Cyprus Showdown to experiment with new format

Rather than stage two regular events back-to-back when the European Tour makes its maiden visit to Cyprus next month, the tour has come up with an innovative concept to keep players’ thinking outside the box.

Although the Cyprus Open will be a straightforward 72-holes strokeplay tournament on the Aphrodite Hills course on October 29th-November 1st, the following week’s Cyprus Showdown will be a ground-breaking new format which will see the leading 36 players and ties survive a midway cut and then 16 and ties advancing onwards following another cut after the third round.

The twist? All scores after each cut will be reset in an attempt to get players to play aggressive golf and to go chasing the flag to survive. “We need to try new things for golf, to try and attract new fans and players . . . with two tournaments back to back in the same place, [the Showdown] should offer something a bit different,” said Chubby Chandler of ISM, the tournament promoters.

In Numbers: 1-2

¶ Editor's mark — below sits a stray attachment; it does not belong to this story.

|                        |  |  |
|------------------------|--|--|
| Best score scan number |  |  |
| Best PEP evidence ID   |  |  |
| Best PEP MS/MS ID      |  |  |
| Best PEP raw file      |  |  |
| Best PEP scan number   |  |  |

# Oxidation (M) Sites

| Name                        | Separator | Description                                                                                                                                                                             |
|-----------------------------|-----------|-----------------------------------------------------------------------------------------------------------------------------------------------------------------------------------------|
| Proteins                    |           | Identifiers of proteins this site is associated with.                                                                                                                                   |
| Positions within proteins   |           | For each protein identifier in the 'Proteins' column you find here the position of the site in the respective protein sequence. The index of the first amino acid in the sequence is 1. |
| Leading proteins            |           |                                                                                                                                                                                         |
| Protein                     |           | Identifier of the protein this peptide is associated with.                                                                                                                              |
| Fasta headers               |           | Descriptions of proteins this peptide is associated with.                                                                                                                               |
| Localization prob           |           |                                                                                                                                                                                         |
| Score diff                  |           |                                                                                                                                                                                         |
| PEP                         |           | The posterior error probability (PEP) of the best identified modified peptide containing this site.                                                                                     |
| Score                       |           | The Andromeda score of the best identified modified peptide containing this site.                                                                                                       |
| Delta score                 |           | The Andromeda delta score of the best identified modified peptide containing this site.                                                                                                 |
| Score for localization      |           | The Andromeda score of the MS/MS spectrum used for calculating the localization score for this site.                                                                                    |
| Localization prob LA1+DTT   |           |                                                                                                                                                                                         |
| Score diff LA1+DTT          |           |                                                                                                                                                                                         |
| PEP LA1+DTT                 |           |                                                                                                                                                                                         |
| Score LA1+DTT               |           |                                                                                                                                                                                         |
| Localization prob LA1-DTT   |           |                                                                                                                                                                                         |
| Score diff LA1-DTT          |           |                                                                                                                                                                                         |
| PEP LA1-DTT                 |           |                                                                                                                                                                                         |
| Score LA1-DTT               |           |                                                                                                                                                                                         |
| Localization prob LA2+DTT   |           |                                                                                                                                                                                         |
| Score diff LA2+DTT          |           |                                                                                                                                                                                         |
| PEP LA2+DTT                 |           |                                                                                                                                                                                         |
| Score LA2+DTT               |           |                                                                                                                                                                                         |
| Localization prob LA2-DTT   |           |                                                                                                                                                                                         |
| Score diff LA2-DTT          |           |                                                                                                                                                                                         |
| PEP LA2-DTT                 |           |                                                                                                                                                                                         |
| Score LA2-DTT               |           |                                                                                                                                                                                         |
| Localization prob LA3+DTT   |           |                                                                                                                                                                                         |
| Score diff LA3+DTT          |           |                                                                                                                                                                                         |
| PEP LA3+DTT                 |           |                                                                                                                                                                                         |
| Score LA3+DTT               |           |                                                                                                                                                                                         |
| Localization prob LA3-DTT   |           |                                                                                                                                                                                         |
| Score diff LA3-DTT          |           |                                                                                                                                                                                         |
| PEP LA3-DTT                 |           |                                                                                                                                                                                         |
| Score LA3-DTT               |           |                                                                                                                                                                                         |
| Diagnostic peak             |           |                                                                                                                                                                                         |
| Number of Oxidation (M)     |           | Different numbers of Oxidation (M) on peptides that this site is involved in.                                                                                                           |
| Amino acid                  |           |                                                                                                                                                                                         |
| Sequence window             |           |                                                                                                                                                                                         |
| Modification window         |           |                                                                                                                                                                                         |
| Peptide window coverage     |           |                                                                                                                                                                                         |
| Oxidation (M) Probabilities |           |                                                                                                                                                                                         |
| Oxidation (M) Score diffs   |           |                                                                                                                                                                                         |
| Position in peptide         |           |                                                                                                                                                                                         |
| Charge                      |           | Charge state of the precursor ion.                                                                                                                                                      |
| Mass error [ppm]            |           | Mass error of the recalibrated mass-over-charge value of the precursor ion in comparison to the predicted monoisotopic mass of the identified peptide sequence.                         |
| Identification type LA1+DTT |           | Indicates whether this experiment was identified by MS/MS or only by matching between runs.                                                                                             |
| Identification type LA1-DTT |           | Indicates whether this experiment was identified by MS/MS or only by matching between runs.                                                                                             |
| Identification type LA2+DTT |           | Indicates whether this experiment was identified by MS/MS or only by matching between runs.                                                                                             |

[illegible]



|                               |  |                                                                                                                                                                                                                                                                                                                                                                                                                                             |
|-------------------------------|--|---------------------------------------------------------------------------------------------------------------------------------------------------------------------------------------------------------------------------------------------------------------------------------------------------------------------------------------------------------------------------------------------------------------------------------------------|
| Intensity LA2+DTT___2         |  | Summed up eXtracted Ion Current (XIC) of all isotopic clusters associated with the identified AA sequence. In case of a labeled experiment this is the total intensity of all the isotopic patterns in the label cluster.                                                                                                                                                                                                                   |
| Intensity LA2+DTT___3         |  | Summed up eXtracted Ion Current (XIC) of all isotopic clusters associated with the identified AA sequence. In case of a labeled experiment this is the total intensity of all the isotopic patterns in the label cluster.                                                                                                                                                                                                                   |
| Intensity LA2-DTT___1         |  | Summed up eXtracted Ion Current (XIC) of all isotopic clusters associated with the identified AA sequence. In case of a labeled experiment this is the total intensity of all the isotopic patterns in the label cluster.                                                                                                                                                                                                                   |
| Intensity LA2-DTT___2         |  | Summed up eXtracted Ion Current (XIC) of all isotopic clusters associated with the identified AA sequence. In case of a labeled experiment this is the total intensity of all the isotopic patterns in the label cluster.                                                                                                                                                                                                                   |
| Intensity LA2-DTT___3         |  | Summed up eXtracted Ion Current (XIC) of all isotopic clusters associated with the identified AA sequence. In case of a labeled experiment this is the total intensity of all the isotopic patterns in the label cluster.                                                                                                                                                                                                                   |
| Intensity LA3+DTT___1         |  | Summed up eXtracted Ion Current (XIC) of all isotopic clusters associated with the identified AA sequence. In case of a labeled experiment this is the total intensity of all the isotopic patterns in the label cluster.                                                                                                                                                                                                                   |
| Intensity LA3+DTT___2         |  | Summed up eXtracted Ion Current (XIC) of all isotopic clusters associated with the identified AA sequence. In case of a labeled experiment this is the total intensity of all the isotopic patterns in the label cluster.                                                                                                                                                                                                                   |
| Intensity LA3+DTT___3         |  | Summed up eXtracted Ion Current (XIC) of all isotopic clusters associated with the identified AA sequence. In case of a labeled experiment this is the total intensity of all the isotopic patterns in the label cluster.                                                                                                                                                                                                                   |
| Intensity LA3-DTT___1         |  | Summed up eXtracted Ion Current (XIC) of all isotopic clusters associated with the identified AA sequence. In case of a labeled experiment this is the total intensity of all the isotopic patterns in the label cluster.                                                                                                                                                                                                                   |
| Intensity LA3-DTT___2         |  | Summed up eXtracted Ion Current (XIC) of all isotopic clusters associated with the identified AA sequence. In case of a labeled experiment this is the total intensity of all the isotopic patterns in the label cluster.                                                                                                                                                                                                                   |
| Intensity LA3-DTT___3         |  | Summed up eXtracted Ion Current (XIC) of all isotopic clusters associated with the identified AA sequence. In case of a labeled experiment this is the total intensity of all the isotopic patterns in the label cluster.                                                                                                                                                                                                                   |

Geoff Loughrey’s reputation as one of the country’s leading golf coaches was further embellished with the Northern Irishman recording a one-two by his pupils in the AIG Irish Close: Royal Dublin’s Hugh Foley was a runaway winner of the championship at Rosapenna, while Roganstown teenager Patrick Keeling finished in a tie for second. “Geoff has been bringing us up here for the last four years, so I know this track really well. It’s definitely an advantage,” observed champion Foley.

Word of Mouth

“I guess I was unconsciously nervous before going to sleep, so I set my alarm 30 minutes later than I wanted to. I found out when I left this morning” – Sei Young Kim on mistakenly arriving to the course at Aronimink later than planned for her final round of the KPMG LPGA Championship, where the 27-year-old won her breakthrough Major championship. The South Korean finished with a 63 for 14-under-par 266, five shots clear of runner-up Inbee Park. Leona Maguire finished in tied-65th.